Management consultant William Bridges talks about personal transitions that involve a predictable, gradual, three-phase process, by which people let go of how things were in the past and embrace the way things are in the new reality.
We have all been there. One of the most impactful personal changes I can remember is when we reorganised our communications function, launching a new operating model. I was involved in the set up well in advance, so I had time to manage my own resistance. Still it was not easy: I asked myself questions about my role, about my team’s future, and about the success of the change. When I finally got over the initial surprise, the first activity I embarked on was to fully understand the end goal. I focused on making this change my own and on setting up and influencing the way we would get there with our best interests at heart. In addition, we applied what we were preaching to ourselves. The launch was not wholly anticipated, but we were in pretty good shape in terms of mapping out the implications and anticipating reactions. One of the key lessons I received was that change takes time; even when it is clear and it makes sense for you, you need to allow others to go through the process themselves. You cannot rush your stakeholders through their personal transitions, but you can be there to share and support.
In June last year, we launched a big change process throughout our organisation by changing our social enterprise network solution. Our company has 140,000 employees, so when we say ‘global’ we mean global. We believed in the new solution; it was easy to use, intuitive, visually appealing. It had all chances of being successful.
Nevertheless, looking outside our organisation and at our track record, we realised success was not a given. The obvious risk was in terms of adoption. What if employees would not use it?
Our internal communication team had the major responsibility of not only informing our employees worldwide about the upcoming change, but to build up engagement and create a memorable experience for the launch.
We went for an original concept in our communications strategy, something we had not done before. We wanted to do something different, and different can work… or not. In this case, I am glad to say it did. Our “Don’t get left behind” campaign brought exciting call-to-action messages shared with the help of… a dinosaur.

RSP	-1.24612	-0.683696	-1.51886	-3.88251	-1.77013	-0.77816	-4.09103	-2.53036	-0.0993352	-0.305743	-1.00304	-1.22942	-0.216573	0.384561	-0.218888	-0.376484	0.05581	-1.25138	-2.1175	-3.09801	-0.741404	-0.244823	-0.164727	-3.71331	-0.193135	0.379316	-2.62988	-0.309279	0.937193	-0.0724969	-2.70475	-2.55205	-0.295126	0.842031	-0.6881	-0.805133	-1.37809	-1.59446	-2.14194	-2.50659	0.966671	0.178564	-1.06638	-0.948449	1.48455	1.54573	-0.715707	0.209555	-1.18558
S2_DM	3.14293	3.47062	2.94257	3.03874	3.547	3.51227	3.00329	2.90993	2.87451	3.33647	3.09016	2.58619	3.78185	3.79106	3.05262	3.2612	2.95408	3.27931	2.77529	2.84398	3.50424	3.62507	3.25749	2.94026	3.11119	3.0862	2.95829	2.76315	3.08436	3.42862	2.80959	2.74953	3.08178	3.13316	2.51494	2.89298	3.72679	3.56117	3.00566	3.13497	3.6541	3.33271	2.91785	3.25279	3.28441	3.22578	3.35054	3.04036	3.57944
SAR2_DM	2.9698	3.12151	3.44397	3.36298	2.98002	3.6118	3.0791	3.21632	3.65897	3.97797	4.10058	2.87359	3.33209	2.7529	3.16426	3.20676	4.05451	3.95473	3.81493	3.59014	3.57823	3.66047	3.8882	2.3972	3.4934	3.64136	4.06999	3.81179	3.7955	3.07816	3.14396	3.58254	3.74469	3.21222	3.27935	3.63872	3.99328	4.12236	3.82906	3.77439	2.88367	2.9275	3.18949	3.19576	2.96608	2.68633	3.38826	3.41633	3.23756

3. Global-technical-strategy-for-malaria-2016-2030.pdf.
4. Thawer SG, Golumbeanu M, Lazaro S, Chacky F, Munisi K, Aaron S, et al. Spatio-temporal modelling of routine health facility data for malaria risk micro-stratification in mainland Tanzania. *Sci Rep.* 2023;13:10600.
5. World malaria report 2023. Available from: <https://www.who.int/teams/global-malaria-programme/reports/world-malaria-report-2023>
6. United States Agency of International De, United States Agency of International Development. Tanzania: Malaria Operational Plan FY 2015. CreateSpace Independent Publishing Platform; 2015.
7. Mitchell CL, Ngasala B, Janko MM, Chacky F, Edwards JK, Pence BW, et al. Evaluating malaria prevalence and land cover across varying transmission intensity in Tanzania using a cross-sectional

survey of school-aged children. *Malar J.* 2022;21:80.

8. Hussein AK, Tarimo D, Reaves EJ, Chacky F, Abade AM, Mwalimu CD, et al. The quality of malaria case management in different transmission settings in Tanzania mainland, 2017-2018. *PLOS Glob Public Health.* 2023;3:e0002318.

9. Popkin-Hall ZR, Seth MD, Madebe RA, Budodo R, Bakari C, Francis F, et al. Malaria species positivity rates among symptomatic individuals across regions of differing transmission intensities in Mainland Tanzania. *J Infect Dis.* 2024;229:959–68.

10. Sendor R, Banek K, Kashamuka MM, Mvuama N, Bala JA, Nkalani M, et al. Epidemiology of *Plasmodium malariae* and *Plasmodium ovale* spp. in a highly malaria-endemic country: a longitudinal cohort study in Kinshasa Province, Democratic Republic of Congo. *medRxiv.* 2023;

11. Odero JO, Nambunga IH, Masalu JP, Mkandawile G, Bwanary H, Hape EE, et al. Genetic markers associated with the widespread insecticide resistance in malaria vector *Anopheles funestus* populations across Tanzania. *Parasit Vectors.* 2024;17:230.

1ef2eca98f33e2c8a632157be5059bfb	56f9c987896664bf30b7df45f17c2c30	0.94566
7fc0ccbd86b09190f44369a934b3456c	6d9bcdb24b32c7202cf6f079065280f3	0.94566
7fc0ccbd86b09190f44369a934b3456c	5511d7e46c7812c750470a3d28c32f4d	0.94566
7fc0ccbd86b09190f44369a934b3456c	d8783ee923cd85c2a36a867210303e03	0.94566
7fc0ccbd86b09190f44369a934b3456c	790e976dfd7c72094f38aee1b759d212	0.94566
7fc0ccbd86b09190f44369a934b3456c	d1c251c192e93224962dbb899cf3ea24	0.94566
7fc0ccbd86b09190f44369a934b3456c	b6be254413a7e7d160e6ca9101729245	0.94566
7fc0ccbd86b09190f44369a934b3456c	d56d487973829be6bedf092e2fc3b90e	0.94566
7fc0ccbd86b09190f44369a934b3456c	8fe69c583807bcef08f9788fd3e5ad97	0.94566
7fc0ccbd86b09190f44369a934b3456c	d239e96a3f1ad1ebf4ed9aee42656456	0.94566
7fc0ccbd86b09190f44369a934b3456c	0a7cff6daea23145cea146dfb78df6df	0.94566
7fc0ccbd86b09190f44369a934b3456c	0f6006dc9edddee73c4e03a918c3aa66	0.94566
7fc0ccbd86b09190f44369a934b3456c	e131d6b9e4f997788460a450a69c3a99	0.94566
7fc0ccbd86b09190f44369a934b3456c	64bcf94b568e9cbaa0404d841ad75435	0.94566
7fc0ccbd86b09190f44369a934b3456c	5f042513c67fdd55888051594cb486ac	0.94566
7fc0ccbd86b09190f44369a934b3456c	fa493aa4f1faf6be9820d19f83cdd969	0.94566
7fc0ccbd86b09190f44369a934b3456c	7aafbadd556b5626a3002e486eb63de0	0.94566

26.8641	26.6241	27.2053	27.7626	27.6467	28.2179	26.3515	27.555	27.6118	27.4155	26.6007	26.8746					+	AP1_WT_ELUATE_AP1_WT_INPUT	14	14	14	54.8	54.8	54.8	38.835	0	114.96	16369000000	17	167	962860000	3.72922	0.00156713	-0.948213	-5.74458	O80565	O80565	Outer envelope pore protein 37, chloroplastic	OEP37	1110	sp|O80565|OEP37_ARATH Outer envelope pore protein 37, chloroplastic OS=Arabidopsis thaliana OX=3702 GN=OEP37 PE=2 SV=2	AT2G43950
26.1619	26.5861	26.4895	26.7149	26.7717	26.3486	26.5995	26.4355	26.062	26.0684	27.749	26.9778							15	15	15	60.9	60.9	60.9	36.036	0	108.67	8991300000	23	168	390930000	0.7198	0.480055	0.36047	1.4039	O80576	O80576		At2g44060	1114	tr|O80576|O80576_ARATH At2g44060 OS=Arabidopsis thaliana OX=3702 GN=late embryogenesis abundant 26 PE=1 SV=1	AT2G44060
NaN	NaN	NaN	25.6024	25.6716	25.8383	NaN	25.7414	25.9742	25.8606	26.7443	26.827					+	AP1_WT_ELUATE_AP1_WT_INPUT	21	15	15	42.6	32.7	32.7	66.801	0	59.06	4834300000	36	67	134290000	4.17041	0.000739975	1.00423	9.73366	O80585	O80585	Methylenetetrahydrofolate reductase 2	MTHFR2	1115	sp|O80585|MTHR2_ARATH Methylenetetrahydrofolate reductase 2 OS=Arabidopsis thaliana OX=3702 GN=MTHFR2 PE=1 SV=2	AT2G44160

Because no one wants to be a dinosaur when it comes to social networks. So we triggered a want to move forward together towards something better. Exciting new beginnings!
We established a Change Adoption approach, covering the phasing out of the old platform, while ensuring leadership sponsorship for the new, and setting up a champions’ network to train, advise and promote. In the extensive preparation phase, we defined our integration strategy, success measurement indicators, change management strategy and local activation, and we involved all relevant stakeholders. Our communications team was equipped with a full package of assets and tools to deploy in their scopes. On top of this, we launched a pilot to get initial feedback, indicative measurements and take decisions in an agile manner before going to the full organisation. All of this was a great help. For the launch, we activated the champions’ network, we offered extensive training and leveraged the pilot success stories. We are proud to see that we have an increase in adoption rate, above market average. Moreover, we are not finished. We continue to engage our users and have support groups with enthusiastic champions and users sharing practices across the world.
To take away…
Change is not easy. But communicators can help by playing an instrumental role in preparing an organisation, asking the right questions, championing the new ways of working and guiding employees through the journey. So let us all lead the way, support and guide while allowing our stakeholder to take their time to go through the change. Today’s volatile market environment is demanding this of us, so do not be left behind. Be the change champion of your organisation..